Robin Keehn, Washington
You all know the emphasis put on the Relationship Conversation in your initial training and in many conversations about teaching and working with coaches and students. I’d like to say a little more about it and the benefits of a weekly conversation about it.
In our studio, we introduce the Relationship Conversation at the end of each Free Introductory Session (aka Student Introductory Session). When we get toward the conclusion of the FIS/SIS, I talk about our studio requirements. I tell people that we require that a coach attend with each student. I say, “In our studio, we require that each student attend lessons with a coach. That coach should be a parent, grandparent or person who interacts and has responsibility for the student on a daily basis. The coach plays a critical role in the lesson and especially at home. We are not having you come to help with classroom management but so that you know exactly what is happening in each class and so that you can help your student navigate through a long-term relationship. Learning to play the piano requires a long-term relationship. Like all long-term relationships, there will be peaks, valley and plateaus and they will last for short, medium or long times. What you will see is that with this method, students can stay on a peak and be very excited for a long time but I guarantee that they will experience both valleys and plateaus. When you are in the lesson and see the value of what is being taught and you will be able to observe each student going through the natural peaks, valleys and plateaus. When your student gets to a valley or plateau, you will understand this is a normal experience and you won’t jump to the conclusion that there is something wrong with your students (he or she isn’t musical or piano just isn’t his/her thing), something wrong with the method or something wrong with your teacher.”
“You will be the coach at home that helps your child learn to navigate his or her way through long-term relationships. Children learn this by watching you and with your guidance.”
So…when we explain this, sometimes people will come up to us afterwards and say, “Oh we are SO excited about learning this way and we want to enroll but I just cannot be here for the lessons.” I always say, “That’s no problem at all. When something changes in your life and you can commit to being the coach every week, I’d love to have you enroll.” Sometimes people are really shocked. They cannot believe that I am telling them I cannot enroll them, but I am 100% committed to each student coming with a coach. We have tried it the other way and it has never been successful. It is always a short-term relationship. It often ends badly. Since I am completely convinced that this is the way we operate, there is no emotion in telling them I cannot enroll them. I’m always kind and pleasant and firm. I just am clear that having a coach in essential in obtaining the ultimate goal of having music as a lifelong companion. That is what this is all about!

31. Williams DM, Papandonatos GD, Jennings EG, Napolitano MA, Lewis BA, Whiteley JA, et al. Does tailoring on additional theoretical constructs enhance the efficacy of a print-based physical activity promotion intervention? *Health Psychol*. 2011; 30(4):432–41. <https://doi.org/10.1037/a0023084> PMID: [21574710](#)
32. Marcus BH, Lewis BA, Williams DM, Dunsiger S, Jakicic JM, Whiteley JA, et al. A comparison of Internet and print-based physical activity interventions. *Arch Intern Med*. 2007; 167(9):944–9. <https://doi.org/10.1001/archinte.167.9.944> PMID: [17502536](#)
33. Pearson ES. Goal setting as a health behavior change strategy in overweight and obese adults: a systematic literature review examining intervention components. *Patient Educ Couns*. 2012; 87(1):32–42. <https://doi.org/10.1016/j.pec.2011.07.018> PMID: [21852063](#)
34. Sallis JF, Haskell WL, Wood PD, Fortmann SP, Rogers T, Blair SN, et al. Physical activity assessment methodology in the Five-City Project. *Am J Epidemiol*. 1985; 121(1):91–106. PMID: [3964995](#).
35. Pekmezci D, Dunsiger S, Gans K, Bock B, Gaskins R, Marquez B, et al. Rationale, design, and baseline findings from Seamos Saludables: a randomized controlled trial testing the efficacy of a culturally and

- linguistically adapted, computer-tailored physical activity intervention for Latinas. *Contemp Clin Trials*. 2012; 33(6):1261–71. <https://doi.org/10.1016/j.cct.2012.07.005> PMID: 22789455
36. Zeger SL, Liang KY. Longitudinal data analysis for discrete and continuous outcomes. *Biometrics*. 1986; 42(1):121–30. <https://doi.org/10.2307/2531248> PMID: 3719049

On a weekly basis, this is how I like to have the Relationship Conversation. The students walk into the room. They sit down with their playlists on their laps where I can see them and gather them up. I greet them and ask each person how they are and how their week was. After I ask Evan how his week was and he answers me I say, “Evan, how are you feeling about piano this week?” Evan gives me a visual picture of where he is. He holds up his hand and gives me “Thumbs Up,” “Thumbs Down” or “Anywhere in-between.” Everyone, coaches and students are watching as each student reports in. No matter what they indicate, I affirm their experience. I may say, “Wow, you’ve been there quite a while. You know you won’t stay there, at some point it will change.” Or, “That’s a change from two weeks ago. Do you remember you were at 4:00 and now you’re at 1:00?” Or, “Yes, you’ve been a valley for a while. That’s completely normal and I guarantee that you won’t stay there forever.”
I always confirm that their experience is normal and expected. The beauty of this visual indication is that coaches are watching every student move up and down constantly. When their student gets to any particular place, they know it is normal and expected. Students understand the same things about themselves. It is normal. When you do this at every lesson, it is a powerful tool in retaining students and helping parents and students navigate through long-term relationships of any kind.
One more word about coaches….I do require a coach for all students with the exceptions of adults (who almost always become each other’s coaches). I do require coaches for teenagers. Those students who have grown up with me in lessons and are now in High School still come with coaches. It is really quite remarkable and I can see how their parents are critical in protecting their practice time and their resolve. I have had teenagers start with me as teens and that is a bit trickier. I have never had a teenager who started as a teen stay in lessons more than six months without a coach. They have so many demands on their time that I think piano becomes the first thing to go because it isn’t required.